Current cloud application platforms for enterprise software are like “radio on TV”.
Like early TV programs that showed a (radio) announcer reading news off a page, the current aPaaS take the good-old models of application architecture and programming (basic request-driven SOA, Java EE, .NET) and place them into the cloud. The PaaS frameworks (CloudFoundry, OpenShift) provide some cloudiness, but the fundamental architecture of applications and application containers does not change. (Richard Watson provides excellent advice on how to create well-fit cloudy applications in the constraints of the older platform architecture)
Enter AWS Lambda. An application platform that is event-driven, microservices-based, firmly decoupled from client considerations, elastically scalable by its core design, real-time and cloud-natively priced. A cloud-native vendor introducing a cloud-native platform architecture.
That this is a significant innovation can be witnessed from just the fact that shortly the mega-vendors with enterprise ambitions announced their own renditions, including Google Cloud Functions and IBM OpenWhisk. Expect most of Oracle, Microsoft, Red Hat, SAP and others to follow soon.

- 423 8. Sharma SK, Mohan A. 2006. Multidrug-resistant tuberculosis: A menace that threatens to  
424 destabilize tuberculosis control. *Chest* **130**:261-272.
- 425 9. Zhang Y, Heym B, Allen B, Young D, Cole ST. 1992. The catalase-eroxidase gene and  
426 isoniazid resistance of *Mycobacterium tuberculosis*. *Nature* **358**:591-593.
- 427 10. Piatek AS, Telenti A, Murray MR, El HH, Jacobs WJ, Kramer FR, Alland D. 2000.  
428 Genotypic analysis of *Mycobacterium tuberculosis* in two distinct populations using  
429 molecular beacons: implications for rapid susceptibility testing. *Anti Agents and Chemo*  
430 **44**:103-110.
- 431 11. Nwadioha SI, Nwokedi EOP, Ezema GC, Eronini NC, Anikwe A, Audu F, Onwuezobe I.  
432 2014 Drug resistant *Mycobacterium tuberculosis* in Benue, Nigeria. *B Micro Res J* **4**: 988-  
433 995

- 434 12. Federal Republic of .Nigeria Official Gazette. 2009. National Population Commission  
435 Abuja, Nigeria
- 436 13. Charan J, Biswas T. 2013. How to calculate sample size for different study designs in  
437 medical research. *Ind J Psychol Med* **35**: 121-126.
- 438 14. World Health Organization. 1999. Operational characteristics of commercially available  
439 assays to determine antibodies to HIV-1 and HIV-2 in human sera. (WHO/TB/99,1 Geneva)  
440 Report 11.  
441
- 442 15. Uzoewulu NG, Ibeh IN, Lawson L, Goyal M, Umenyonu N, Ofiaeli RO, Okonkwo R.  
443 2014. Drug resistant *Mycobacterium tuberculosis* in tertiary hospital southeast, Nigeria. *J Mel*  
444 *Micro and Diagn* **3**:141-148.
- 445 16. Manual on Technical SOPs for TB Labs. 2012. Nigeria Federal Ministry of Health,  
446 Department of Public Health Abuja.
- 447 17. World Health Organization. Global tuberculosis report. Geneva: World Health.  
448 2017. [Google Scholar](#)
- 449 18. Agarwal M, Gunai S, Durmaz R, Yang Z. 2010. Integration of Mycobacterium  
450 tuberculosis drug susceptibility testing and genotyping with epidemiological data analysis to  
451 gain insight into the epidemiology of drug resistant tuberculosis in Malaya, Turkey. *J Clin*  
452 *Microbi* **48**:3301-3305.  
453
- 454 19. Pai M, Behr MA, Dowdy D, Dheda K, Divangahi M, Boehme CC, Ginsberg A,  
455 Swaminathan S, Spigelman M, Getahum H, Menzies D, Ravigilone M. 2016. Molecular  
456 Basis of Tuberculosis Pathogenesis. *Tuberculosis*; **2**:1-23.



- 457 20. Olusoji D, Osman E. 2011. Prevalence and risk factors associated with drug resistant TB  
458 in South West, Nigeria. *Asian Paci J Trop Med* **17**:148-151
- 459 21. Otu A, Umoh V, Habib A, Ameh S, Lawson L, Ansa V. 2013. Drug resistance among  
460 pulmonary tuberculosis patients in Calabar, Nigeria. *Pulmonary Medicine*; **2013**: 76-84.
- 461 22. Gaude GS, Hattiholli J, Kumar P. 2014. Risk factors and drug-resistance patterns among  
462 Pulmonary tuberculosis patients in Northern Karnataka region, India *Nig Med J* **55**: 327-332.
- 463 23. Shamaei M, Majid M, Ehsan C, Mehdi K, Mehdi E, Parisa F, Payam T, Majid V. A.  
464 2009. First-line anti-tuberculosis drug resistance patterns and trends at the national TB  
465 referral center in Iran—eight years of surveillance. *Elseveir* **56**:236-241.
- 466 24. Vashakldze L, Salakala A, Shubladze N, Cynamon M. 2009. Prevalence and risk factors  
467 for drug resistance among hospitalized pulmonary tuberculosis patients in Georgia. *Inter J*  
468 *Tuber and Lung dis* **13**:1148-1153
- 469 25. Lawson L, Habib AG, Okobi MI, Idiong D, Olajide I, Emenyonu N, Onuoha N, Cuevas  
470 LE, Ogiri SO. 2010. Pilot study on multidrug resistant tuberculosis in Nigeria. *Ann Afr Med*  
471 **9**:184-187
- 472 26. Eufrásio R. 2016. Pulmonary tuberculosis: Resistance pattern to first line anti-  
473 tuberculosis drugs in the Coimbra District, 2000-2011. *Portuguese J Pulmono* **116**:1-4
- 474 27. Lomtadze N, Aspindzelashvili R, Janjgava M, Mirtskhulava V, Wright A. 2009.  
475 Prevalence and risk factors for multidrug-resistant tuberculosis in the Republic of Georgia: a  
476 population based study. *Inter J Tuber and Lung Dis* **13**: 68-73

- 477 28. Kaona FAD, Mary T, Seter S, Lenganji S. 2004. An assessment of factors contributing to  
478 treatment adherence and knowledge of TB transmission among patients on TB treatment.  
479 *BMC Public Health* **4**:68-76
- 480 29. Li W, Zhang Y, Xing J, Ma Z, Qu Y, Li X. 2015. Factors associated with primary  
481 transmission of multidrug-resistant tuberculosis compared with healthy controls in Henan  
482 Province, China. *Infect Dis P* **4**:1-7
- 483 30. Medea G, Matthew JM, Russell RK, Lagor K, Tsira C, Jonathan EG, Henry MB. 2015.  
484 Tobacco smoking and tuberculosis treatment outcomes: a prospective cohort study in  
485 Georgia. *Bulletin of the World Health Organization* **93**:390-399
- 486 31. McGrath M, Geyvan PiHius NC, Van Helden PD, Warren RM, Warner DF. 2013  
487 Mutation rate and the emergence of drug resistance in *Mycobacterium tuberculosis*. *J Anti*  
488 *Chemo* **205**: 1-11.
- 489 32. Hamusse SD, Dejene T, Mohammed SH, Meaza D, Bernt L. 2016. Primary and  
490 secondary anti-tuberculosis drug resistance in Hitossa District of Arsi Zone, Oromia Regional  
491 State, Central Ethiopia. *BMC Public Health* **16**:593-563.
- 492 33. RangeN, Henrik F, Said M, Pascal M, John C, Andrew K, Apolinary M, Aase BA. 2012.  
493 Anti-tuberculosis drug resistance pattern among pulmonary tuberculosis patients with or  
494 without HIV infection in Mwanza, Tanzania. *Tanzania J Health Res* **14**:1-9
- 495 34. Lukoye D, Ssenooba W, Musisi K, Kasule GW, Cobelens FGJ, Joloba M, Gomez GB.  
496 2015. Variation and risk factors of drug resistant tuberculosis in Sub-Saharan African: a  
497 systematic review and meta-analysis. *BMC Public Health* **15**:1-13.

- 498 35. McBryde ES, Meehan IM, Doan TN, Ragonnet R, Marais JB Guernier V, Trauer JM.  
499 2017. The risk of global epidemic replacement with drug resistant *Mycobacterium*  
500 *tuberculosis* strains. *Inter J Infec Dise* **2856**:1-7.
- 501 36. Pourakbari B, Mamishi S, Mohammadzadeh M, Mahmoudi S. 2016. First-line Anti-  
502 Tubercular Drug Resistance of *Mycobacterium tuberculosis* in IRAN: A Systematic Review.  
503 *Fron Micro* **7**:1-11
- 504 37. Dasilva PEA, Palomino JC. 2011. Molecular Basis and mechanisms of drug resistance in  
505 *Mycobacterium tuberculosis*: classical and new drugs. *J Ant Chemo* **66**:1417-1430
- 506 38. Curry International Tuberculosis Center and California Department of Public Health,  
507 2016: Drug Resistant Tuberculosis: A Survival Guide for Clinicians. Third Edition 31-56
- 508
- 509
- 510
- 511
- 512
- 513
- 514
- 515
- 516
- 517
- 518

I believe, we are witnessing the beginnings of the first true born-on-the-cloud platform architecture. The offerings are still immature and the actual sustainable implementations will take time to arrive. Amazon’s Lambda is limited in function and scale, IBM’s OpenWhisk is a research preview, others — still in the labs.
Yet users and IT planners should pay attention.
In 1997, we published a note entitled “Greater Java: a Continent Emerging?” that anticipated the emergence of Java EE at the intersection of CORBA and the then just introduced Java. I believe it’s time for the new note entitled “Born-on-the-Cloud Microevent Application Platforms: a Continent Emerging”.